• Surgery: In some cases, doctors may suggest the surgical removal of a tumor that’s causing pain or other symptoms to improve the patient’s quality of life, though it’s not clear whether doing so increases survival. The tumor and a small amount of surrounding tissue will be removed.  
  • Radiation therapy: Also known as radiotherapy, this treatment uses beams of high energy to kill cancer cells. Radiation therapy is often administered after chemotherapy to help relieve pain or other symptoms, though it can also be used to shrink a tumor or slow its growth.  
  • Systemic Treatment: Most patients with metastatic breast cancer will receive systemic treatment, which can destroy cancer cells throughout the body. Systemic treatments include:  
  • Chemotherapy: Chemotherapy is the use of drugs that kill cancer cells. A typical chemotherapy regimen usually consists of more than one drug. Chemotherapy is often administered as intravenous fluids in outpatient centers, though in some cases inpatient treatment is necessary. Less often, chemotherapy is taken orally in pill form.  
  • Hormonal therapy: If tests indicate that a patient’s breast cancer tumor is hormone sensitive, then drugs will be administered that block hormones from attaching to cell receptors. Hormone therapy is delivered in pill form.  
  • Targeted therapy: Some patients with metastatic breast cancer are candidates for targeted therapies. There are several classes of these drugs, which take aim at specific molecules that promote cancer growth. Tests are required to determine whether a patient will benefit from targeted therapies.  
  • Immunotherapy: Some targeted therapies can also be classified as immunotherapy, which is a broad class of drugs that make the immune system better able to identify and destroy cancer cells. In breast cancer, a type of immunotherapy called a checkpoint inhibitor may be recommended.  

Living with metastatic breast cancer 

Getting psychological support soon after the diagnosis of metastatic breast cancer and during treatment can help patients cope with the fear, depression, and anxiety they may be experiencing. Consulting a professional mental health counselor is a good first step, but it will also help to share your feelings and emotions with friends and family—don’t “bottle them up.”  

Maintaining good overall health will help you feel better, improve your quality of life, and make you better able to manage side effects of treatment. Be sure to eat a balanced diet, exercise regularly, avoid weight gain, limit alcohol intake, and–of course—if you smoke, find a way to quit.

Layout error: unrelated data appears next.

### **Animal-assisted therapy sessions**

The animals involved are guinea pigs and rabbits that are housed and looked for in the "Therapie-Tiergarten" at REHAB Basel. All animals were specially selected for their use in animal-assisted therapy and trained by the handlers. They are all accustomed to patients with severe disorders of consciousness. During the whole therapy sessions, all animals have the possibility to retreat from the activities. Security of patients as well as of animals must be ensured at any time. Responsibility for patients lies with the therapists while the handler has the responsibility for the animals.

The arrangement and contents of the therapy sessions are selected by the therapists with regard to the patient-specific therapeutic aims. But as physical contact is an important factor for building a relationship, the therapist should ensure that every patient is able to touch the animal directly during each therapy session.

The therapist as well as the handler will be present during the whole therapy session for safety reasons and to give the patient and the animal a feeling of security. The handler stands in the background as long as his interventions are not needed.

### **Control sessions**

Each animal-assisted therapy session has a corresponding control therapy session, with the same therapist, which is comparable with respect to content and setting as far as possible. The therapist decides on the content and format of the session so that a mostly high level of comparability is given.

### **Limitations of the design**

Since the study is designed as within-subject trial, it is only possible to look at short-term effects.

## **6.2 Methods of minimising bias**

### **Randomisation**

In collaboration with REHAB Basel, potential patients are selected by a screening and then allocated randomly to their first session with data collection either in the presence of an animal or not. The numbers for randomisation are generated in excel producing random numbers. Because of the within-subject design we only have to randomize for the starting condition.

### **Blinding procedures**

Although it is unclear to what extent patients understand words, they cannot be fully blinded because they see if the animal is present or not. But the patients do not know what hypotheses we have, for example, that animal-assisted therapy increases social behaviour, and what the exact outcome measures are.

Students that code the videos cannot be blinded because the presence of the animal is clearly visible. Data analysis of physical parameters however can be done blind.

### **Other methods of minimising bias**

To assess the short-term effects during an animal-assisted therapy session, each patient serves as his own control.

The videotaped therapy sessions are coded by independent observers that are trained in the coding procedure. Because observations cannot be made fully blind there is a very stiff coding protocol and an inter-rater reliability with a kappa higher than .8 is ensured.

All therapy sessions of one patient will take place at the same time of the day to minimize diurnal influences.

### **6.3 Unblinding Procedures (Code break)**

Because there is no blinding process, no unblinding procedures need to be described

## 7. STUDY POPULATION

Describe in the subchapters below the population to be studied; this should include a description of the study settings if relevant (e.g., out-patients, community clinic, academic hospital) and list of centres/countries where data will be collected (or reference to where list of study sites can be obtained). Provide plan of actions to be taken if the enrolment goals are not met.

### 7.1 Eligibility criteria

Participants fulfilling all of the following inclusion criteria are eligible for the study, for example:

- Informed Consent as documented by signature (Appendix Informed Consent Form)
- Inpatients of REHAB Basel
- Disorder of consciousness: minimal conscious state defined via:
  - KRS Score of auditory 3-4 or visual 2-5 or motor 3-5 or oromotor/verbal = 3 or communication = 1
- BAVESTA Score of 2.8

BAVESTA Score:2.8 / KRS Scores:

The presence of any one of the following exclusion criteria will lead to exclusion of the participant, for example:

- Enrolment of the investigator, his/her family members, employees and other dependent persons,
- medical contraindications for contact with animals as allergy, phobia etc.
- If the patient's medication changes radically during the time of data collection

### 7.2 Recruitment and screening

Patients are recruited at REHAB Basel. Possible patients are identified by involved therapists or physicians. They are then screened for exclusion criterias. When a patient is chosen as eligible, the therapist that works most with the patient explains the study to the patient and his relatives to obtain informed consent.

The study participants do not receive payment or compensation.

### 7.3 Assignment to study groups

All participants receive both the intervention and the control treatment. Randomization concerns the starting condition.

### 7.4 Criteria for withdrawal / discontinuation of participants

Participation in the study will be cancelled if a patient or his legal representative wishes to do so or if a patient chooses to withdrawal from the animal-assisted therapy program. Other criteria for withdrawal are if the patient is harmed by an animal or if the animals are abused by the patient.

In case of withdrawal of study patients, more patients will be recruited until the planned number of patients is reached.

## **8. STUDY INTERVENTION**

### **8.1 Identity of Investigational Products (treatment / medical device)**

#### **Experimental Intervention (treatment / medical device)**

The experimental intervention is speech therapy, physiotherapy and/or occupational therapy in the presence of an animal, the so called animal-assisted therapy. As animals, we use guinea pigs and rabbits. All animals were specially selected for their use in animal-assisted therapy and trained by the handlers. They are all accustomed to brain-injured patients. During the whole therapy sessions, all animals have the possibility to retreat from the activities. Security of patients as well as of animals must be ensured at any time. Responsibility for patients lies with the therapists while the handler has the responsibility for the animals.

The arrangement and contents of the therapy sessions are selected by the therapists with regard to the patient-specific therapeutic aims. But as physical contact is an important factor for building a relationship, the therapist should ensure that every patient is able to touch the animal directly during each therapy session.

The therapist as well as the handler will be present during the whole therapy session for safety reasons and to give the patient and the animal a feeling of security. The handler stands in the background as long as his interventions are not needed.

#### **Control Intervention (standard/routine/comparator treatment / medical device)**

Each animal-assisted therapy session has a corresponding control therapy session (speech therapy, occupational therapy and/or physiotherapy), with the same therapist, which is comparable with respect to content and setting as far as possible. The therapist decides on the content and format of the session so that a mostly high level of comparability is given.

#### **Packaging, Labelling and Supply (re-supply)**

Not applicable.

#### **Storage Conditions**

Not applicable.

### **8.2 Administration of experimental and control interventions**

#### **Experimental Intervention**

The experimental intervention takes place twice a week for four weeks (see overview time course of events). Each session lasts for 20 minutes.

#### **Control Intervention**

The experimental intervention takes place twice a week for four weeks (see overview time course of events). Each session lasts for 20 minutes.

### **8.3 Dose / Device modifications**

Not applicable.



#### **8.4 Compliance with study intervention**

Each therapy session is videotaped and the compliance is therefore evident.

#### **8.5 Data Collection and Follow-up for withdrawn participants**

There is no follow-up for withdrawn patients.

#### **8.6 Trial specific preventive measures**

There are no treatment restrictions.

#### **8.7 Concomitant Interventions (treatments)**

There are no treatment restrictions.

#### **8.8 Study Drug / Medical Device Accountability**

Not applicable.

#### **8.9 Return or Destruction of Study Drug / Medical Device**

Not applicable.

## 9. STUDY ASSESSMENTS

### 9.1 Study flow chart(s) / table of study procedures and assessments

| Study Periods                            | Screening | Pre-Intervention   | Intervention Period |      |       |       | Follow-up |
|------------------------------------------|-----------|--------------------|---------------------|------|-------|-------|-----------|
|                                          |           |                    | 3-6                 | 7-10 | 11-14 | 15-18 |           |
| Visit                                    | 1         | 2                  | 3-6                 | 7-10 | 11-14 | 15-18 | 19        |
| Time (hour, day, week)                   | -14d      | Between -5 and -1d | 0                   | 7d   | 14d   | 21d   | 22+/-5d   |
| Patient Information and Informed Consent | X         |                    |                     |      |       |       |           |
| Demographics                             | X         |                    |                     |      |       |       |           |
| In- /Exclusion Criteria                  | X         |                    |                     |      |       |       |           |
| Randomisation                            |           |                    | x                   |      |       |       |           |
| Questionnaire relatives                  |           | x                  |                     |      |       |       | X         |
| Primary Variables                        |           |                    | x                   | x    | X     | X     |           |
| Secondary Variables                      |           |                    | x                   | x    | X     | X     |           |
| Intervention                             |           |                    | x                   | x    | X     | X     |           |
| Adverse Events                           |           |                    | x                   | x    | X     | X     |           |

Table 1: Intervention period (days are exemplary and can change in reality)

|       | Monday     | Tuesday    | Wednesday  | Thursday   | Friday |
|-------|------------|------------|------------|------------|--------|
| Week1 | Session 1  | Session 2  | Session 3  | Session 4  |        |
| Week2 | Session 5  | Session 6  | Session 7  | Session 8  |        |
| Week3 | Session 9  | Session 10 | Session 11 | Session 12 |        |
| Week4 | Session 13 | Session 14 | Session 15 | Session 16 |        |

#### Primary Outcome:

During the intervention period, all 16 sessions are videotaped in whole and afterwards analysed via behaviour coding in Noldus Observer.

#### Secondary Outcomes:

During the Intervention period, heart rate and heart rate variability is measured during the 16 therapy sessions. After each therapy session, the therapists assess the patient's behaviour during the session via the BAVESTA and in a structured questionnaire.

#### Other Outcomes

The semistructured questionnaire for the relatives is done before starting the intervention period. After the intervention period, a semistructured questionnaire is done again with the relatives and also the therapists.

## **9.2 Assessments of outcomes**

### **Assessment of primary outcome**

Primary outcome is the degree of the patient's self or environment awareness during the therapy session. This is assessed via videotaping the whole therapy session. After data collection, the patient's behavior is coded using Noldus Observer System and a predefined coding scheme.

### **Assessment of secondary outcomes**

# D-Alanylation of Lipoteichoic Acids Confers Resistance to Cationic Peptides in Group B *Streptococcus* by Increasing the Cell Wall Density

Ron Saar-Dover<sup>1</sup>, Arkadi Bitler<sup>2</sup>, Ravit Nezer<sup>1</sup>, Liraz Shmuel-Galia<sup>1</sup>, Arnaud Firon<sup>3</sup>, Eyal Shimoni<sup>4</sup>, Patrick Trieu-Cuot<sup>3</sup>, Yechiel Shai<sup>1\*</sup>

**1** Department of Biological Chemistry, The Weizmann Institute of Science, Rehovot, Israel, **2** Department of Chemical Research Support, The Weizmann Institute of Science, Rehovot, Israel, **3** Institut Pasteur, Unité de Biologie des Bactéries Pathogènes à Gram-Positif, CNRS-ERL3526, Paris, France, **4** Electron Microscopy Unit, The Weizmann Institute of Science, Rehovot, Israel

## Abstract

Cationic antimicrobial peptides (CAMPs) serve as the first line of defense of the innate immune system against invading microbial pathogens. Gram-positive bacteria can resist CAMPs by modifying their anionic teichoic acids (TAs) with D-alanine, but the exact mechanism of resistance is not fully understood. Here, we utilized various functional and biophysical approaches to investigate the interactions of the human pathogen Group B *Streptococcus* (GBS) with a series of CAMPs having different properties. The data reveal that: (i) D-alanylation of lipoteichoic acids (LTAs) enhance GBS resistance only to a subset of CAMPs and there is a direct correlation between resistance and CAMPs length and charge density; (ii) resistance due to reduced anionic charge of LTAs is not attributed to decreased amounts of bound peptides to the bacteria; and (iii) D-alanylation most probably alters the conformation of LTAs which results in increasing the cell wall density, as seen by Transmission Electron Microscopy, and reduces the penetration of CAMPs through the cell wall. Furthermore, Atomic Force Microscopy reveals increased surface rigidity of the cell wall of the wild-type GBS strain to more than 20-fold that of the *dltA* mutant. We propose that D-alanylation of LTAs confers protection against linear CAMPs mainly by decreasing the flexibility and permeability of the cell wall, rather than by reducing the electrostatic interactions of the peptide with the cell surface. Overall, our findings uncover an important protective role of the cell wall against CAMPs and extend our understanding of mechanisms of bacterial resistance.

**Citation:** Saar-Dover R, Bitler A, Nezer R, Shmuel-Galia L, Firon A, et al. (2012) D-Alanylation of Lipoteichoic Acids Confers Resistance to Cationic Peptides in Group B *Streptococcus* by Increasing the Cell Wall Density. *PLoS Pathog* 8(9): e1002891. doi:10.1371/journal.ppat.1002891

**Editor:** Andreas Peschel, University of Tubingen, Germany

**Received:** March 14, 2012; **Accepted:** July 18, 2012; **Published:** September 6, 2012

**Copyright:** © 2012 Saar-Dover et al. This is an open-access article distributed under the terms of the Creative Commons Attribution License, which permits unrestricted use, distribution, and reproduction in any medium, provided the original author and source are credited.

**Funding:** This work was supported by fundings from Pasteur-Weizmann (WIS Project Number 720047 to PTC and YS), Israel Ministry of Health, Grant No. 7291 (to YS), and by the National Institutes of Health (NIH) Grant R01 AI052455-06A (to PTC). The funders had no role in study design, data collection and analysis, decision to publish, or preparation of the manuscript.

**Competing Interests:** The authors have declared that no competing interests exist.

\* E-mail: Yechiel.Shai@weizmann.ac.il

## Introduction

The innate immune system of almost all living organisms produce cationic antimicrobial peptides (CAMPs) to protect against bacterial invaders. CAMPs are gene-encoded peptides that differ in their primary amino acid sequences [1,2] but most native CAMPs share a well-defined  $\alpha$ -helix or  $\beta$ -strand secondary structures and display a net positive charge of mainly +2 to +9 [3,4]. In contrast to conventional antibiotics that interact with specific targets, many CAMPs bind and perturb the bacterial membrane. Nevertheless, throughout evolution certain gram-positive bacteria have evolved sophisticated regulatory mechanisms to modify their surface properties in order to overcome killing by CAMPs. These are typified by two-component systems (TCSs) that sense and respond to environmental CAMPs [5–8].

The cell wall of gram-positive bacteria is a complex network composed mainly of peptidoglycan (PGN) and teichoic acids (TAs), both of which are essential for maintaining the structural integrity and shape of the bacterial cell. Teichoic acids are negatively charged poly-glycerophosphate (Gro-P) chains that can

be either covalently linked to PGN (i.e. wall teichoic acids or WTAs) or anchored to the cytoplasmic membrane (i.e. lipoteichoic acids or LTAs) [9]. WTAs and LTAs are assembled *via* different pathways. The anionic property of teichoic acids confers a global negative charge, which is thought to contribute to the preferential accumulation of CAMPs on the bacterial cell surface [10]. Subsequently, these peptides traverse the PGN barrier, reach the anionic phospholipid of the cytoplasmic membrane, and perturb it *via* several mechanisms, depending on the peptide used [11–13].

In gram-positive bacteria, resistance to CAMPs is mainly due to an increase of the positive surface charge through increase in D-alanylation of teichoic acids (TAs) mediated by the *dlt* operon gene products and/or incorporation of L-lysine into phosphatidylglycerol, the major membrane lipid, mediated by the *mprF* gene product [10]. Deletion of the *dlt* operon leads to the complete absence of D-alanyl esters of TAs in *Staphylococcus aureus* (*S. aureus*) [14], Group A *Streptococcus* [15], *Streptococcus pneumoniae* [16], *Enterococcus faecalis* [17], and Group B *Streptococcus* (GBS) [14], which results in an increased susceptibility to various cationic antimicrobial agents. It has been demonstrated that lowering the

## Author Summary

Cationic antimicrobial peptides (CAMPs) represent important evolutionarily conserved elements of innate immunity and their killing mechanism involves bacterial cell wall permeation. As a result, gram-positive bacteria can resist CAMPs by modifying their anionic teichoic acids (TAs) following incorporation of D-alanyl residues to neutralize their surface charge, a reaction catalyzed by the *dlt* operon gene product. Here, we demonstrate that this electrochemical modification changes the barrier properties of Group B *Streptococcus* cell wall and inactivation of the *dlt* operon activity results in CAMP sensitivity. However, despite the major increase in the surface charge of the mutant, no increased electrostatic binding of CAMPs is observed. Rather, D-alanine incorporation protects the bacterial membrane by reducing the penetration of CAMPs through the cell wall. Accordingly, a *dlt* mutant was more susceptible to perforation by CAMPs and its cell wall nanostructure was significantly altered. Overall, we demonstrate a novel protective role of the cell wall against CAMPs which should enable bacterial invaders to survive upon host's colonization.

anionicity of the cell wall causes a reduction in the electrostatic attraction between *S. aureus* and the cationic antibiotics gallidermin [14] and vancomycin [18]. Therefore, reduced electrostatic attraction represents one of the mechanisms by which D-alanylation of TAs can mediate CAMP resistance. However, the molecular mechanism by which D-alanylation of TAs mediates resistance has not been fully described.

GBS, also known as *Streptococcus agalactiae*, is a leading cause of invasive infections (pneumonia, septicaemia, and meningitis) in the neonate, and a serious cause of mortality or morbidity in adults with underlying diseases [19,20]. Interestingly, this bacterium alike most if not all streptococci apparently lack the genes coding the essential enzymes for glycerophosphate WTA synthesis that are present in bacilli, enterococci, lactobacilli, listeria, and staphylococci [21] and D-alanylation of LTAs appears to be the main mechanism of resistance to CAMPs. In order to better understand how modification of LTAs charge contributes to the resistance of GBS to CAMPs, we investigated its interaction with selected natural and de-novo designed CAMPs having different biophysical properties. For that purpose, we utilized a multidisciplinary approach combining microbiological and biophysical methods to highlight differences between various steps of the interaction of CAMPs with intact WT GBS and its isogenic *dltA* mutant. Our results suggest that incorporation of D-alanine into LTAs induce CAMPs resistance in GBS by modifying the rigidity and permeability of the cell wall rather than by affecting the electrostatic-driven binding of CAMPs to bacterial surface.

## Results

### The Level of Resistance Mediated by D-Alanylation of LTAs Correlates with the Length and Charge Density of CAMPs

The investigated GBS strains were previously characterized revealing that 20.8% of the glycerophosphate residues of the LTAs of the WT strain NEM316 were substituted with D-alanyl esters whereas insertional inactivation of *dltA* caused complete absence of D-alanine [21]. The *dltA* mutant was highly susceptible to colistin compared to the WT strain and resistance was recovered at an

Myths and Misconceptions About Metastatic Breast Cancer 

On its website, the organization addresses a number of myths about metastatic breast cancer. Myth number one is that breast cancer that has spread throughout the body can be cured. Unfortunately, that’s not the case, but it’s also a myth that receiving a diagnosis of metastatic breast cancer means that you only have a short time to live. That’s not true for many patients, and with rapidly improving treatments available from oncologists and in clinical trials, the typical survival for people diagnosed with metastatic breast cancer is increasing.  

Another myth is that metastatic breast cancer is a single disease that is always treated the same way. In fact, there are different forms of this disease, with distinctly different biological profiles that respond to precisely chosen treatment regimens. Many patients also assume that undergoing treatment for metastatic breast cancer means they’re going to lose their hair and feel sick all of the time. While those are side effects of chemotherapy, which some patients will require, other treatments that are now commonly used as alternatives to chemo do not cause severe or noticeable side effects. Learn more about myths and misconceptions about metastatic breast cancer here

Sources: American Cancer Society,,